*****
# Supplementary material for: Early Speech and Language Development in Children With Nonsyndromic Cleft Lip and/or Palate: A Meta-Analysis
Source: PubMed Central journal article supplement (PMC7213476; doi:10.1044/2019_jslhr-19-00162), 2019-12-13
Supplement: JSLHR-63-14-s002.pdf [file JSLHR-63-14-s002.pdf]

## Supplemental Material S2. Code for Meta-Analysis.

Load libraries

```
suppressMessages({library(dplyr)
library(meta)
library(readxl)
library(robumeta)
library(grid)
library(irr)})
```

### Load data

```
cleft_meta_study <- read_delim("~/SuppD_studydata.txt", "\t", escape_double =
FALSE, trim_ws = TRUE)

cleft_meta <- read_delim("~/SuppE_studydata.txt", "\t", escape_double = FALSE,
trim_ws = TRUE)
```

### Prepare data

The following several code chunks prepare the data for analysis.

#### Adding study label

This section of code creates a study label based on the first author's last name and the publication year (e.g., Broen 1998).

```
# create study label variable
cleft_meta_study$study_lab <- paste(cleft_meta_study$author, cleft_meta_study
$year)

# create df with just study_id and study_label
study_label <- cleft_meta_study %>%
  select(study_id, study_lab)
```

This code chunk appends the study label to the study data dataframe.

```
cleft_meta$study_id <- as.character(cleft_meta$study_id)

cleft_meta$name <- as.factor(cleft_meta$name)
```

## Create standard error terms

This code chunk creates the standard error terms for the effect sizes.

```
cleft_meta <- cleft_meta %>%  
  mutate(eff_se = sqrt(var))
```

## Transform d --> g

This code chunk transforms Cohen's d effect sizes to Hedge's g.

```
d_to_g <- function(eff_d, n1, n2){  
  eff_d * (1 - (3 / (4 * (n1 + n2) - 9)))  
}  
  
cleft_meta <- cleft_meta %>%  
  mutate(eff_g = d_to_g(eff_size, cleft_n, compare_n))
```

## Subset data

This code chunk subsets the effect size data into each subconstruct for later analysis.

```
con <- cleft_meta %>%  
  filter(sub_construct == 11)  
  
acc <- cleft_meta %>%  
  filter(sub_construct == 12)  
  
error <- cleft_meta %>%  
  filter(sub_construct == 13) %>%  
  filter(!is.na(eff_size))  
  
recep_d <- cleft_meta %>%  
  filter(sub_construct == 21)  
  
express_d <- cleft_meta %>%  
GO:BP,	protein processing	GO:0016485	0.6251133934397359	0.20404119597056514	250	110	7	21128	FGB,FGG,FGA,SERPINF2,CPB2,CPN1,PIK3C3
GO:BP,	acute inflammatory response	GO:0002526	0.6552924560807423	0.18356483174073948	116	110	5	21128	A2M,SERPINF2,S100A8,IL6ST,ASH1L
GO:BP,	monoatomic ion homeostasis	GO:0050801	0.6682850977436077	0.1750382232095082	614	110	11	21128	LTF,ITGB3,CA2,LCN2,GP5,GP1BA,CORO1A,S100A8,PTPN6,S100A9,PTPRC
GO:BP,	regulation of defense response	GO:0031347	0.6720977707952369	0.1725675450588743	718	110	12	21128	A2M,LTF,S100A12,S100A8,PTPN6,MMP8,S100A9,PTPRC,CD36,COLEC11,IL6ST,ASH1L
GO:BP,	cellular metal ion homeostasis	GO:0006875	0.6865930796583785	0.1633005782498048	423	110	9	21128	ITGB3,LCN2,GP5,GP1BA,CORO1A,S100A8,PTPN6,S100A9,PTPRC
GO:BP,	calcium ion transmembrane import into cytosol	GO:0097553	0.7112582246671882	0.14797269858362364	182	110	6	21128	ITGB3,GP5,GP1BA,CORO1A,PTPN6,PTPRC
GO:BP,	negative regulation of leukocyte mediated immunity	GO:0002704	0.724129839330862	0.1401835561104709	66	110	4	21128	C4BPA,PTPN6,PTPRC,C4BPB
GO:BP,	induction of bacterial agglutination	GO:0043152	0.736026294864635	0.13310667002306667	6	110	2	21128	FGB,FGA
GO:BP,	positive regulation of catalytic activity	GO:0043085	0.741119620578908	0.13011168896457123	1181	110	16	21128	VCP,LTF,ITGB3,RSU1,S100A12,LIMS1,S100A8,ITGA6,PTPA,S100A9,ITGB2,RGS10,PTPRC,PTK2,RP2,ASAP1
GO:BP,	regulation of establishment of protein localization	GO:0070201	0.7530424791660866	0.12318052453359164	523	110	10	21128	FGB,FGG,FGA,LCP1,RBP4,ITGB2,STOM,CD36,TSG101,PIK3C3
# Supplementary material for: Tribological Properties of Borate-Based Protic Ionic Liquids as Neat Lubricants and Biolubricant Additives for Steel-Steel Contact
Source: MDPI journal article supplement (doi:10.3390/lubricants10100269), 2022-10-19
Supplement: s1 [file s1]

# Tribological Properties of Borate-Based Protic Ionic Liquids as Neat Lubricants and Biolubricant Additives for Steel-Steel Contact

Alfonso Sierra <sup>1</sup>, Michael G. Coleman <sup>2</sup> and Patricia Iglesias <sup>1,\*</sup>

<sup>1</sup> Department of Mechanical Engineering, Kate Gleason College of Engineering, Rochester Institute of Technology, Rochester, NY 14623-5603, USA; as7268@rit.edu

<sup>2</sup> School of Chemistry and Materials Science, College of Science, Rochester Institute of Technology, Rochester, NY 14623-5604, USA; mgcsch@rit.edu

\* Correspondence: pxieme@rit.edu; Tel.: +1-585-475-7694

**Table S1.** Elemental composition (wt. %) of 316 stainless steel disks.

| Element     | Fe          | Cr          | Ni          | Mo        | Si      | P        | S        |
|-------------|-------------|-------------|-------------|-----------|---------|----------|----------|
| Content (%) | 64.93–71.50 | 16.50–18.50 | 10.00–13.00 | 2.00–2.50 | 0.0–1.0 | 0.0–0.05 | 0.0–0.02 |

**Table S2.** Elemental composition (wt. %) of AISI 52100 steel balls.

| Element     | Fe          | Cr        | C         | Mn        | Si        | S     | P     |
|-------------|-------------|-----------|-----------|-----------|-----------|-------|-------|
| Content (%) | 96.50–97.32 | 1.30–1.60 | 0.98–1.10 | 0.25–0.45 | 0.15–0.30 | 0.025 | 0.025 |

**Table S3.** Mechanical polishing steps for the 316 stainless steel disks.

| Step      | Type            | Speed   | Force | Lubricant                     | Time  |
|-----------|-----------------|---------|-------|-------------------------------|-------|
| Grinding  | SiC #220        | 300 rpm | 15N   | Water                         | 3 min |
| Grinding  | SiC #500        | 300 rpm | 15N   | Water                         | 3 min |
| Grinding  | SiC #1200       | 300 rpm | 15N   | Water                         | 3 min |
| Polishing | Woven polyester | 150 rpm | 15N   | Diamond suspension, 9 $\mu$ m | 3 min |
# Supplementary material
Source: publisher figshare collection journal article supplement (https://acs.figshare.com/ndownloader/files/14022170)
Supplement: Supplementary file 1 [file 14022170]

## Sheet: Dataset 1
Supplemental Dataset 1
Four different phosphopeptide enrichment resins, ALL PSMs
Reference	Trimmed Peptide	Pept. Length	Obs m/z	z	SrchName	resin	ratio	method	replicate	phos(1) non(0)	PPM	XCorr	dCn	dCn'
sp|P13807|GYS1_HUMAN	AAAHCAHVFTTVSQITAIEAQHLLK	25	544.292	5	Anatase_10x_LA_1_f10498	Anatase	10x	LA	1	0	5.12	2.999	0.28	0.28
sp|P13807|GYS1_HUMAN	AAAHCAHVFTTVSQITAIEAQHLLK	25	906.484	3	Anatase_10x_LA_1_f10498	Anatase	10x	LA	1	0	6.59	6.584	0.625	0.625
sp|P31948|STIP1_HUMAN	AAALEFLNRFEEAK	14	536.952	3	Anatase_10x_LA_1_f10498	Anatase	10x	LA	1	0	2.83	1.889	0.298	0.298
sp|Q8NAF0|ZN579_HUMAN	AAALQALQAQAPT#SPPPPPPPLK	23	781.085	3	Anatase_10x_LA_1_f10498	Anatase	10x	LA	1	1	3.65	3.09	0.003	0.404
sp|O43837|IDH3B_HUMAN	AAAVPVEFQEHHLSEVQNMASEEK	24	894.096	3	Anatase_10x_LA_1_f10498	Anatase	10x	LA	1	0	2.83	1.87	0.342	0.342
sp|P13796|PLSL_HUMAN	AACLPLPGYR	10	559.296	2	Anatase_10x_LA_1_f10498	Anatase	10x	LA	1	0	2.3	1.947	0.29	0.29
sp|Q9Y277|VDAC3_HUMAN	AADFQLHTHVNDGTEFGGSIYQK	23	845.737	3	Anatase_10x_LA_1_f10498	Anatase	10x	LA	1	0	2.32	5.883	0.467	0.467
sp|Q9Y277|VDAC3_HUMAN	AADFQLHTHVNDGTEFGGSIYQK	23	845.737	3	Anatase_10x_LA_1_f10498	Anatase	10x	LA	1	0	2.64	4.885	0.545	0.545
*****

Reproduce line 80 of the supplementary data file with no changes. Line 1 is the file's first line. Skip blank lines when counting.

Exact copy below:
Alfonso Sierra <sup>1</sup>, Michael G. Coleman <sup>2</sup> and Patricia Iglesias <sup>1,\*</sup>